The same session debated the decisive question of the petroleum concessions. The concession in question was that granted in the year 1914 to the English petroleum trust, appearing here under the name of the Turkish Petroleum Company. The Turks had granted this same concession to the Americans in the year 1923, with the utmost sang froid. The chairman of the English delegation, Sir Horace Rumbold, expressed his regret that Turkey would no longer recognize the concession made m 1914. He continued: “My government is of the opinion that all obligations undertaken in the year 1914 are still in full force, and are binding on the Turkish government in all lands which remain Turkish by virtue of this peace treaty. My government cannot recognize any rights granted to others within the confines of these concessions, and makes the Turkish government fully responsible for any non-fulfilment of obligations entered into.” Ismet Pasha replied, in his customary manner, that Rumbold’s declaration was not binding on the Turks. The Turkish government is of the opinion that the question can be settled by arbitration. The American representative, Grew, added diplomatically that the attitude adopted by his government with respect to the Turkish Petroleum Co. had undergone no change. The Englishman showed considerable irritation. He declared that when the Turkish government comes to two different decisions on the same subject within 9 years, that is no reason for calling in the services of a board of arbitration. For the second granting of the concession by the Turks is simply contrary to law. Rumbold inquired further, with respect to the Americans, what right a third government has to interfere in a quarrel between an English and a Turkish company? If the rights granted to the English company in 1914 are re-granted by Turkey to another company, the English government has nothing to do with this, and if insists on the carrying out of the contract of 1914. Here the matter was left. The struggle for the petroleum fields of Asia Minor has also not been concluded at Lausanne, but will be continued as a trial of political power. It is precisely in the concession question that the alleged peace conference reveals itself as a lamentable farce.

What has actually been attained by the Lausanne conference? It signifies a great success on the part of Turkey, which has remained victorious in the struggle with the West European capitalists and their Greek agents. The whole of Asia Minor, with Armenia, Kurdistan, and Cilicia are once more Turkish possessions. To this must be added, in Europe, the district of Constantinople and Adrianople. Within the boundaries of this new Turkish realm, the Turkish nationality is absolutely supreme, for the Armenians and Greeks have, for the most part, been driven away or killed. This war of extermination against Greeks and Armenians did not originate in nationalist motives only, but arose from the fact that the natives of these two countries resident in Turkey were almost exclusively members of bourgeois professions. The Turkish bourgeoisie has now rid itself of these competitors, and is master in its own house. The Turkish national movement is being transformed more and more from a struggle for the emancipation of the oppressed peasantry and poorer classes into a speculation conducted by the young Turkish bourgeoisie. This is further demonstrated by the severe measures now being taken by the Turkish rulers against the communists in their country. The Lausanne Peace brings with it the abolition of the so-called capitulations, that is, only Turkish courts of justice will be competent in Turkey for the future. Foreigners, hitherto possessing great advantages in being responsible to their native courts of justice only, are now on equal terms with the Turks.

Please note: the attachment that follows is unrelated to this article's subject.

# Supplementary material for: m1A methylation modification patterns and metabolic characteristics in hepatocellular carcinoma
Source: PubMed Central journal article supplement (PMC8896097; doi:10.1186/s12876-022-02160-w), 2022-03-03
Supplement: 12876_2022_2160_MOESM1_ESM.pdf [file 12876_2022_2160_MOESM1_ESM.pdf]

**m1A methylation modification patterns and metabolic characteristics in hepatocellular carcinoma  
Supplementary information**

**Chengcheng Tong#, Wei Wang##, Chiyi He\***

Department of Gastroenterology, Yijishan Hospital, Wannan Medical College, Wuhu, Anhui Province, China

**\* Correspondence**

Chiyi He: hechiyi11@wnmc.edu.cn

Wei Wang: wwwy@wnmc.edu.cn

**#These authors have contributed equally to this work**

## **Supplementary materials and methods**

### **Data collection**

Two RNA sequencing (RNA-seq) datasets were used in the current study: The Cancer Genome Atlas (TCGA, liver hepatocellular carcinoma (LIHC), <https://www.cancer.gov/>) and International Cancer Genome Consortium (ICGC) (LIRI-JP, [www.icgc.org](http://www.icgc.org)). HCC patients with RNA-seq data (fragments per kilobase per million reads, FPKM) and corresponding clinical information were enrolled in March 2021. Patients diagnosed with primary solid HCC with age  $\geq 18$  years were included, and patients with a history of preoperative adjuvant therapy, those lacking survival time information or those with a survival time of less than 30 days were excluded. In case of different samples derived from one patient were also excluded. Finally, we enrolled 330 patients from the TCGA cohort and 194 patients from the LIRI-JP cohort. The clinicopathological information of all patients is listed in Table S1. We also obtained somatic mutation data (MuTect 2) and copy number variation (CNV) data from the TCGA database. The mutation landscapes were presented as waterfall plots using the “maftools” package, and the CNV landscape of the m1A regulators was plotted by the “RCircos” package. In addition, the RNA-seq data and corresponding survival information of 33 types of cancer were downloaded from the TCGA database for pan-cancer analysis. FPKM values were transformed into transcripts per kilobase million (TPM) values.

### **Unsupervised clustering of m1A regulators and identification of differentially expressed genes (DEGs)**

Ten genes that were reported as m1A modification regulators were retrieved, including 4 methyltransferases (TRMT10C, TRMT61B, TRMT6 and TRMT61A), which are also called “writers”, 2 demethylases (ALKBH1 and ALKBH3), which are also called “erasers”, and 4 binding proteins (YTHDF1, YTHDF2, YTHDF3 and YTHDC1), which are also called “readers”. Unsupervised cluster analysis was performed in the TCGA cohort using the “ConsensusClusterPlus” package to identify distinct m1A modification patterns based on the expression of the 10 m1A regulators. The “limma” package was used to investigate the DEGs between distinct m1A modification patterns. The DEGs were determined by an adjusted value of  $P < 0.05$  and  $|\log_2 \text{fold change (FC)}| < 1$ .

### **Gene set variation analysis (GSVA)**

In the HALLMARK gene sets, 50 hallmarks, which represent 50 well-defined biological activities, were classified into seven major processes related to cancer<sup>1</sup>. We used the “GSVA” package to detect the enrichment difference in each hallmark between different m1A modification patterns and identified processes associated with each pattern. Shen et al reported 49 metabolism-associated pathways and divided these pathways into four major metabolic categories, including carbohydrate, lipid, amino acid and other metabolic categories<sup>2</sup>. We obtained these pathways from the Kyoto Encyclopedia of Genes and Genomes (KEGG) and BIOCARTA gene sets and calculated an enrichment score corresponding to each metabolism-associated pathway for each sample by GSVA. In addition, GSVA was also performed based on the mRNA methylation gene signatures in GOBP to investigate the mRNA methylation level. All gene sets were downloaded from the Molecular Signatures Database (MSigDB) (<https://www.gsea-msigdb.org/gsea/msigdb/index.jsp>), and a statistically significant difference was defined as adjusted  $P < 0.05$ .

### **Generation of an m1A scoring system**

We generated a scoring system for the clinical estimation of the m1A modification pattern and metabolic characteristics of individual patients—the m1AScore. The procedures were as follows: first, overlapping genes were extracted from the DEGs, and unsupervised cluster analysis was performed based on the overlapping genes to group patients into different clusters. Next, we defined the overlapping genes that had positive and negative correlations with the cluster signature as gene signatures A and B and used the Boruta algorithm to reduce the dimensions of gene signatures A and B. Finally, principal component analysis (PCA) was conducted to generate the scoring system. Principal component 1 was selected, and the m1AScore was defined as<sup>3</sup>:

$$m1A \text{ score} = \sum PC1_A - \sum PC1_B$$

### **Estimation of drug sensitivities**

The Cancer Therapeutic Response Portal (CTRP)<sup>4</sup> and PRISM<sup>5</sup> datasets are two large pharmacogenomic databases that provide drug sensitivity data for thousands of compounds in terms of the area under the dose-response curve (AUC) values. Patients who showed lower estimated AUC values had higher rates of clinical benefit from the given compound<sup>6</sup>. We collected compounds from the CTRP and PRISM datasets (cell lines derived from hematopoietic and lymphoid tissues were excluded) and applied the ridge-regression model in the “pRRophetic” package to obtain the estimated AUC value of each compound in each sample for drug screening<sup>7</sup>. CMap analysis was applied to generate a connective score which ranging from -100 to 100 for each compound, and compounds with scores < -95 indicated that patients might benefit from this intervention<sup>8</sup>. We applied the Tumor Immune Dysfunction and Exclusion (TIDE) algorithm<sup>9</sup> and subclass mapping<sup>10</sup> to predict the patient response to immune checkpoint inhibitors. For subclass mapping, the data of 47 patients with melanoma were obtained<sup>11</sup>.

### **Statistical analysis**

During the second part of the Lausanne Conference, the English delegation worked most harmoniously with the French, but their combined efforts did not suffice to enable any real decision on economic matters to be arrived at in opposition to the Turks and the Americans. The young Turkish bourgeoisie considers it to its advantage to co-operate with American capital, and the old Anglo-French oriental conflict is to end by both contestants being left out in the cold, whilst a third party runs off with the booty.

Entente capital gained a temporary success at Lausanne, if not against Turkey, then against Soviet Russia. The opening and dismantling of the Dardanelles gives the English fleet the possibility of proceeding without hindrance against the Russian Black Sea ports – as far as Turkey is concerned. But Soviet Russia will find a way to protect her coasts and waters, despite the Lausanne Conference. Even should the Russian government accept the Entente invitation to sign the Dardanelles agreement, this does not in the least signify that Soviet Russia in any way alters her fundamental attitude on the Straits question. Should the Russian signature stand side by side with English and French signatures on the Dardanelles treaty, this practically signifies the official and diplomatic recognition of the Bolshevist government. For when a government is invited to sign a state treaty of such importance, it is not necessary to observe that this government is thus recognized. But the Soviet power knows very well what estimate to put on this “recognition” by bourgeois society. If she signs this treaty, she does so in the consciousness that this agreement mirrors the balance of comparative power at the moment. As soon as this balance of power changes, a fresh situation arises, and Soviet Russia will not be restrained by a so-called recognition from relentlessly utilizing the new position. Taken as a whole, the Lausanne Conference signifies a severe defeat for European capitalism, both in its relations to the Orient and to America. Even though Kemal Pasha’s government has given way in the Dardanelles question, it would never have attained its other successes had not the mere existence of Soviet Russia altered the political centre of gravity of the East. The defeat of West European capitalism at Lausanne is a step towards the dissolution of the Versailles system, and thus an objective step towards the disintegration of capitalist Europe.


Last updated on 3 September 2021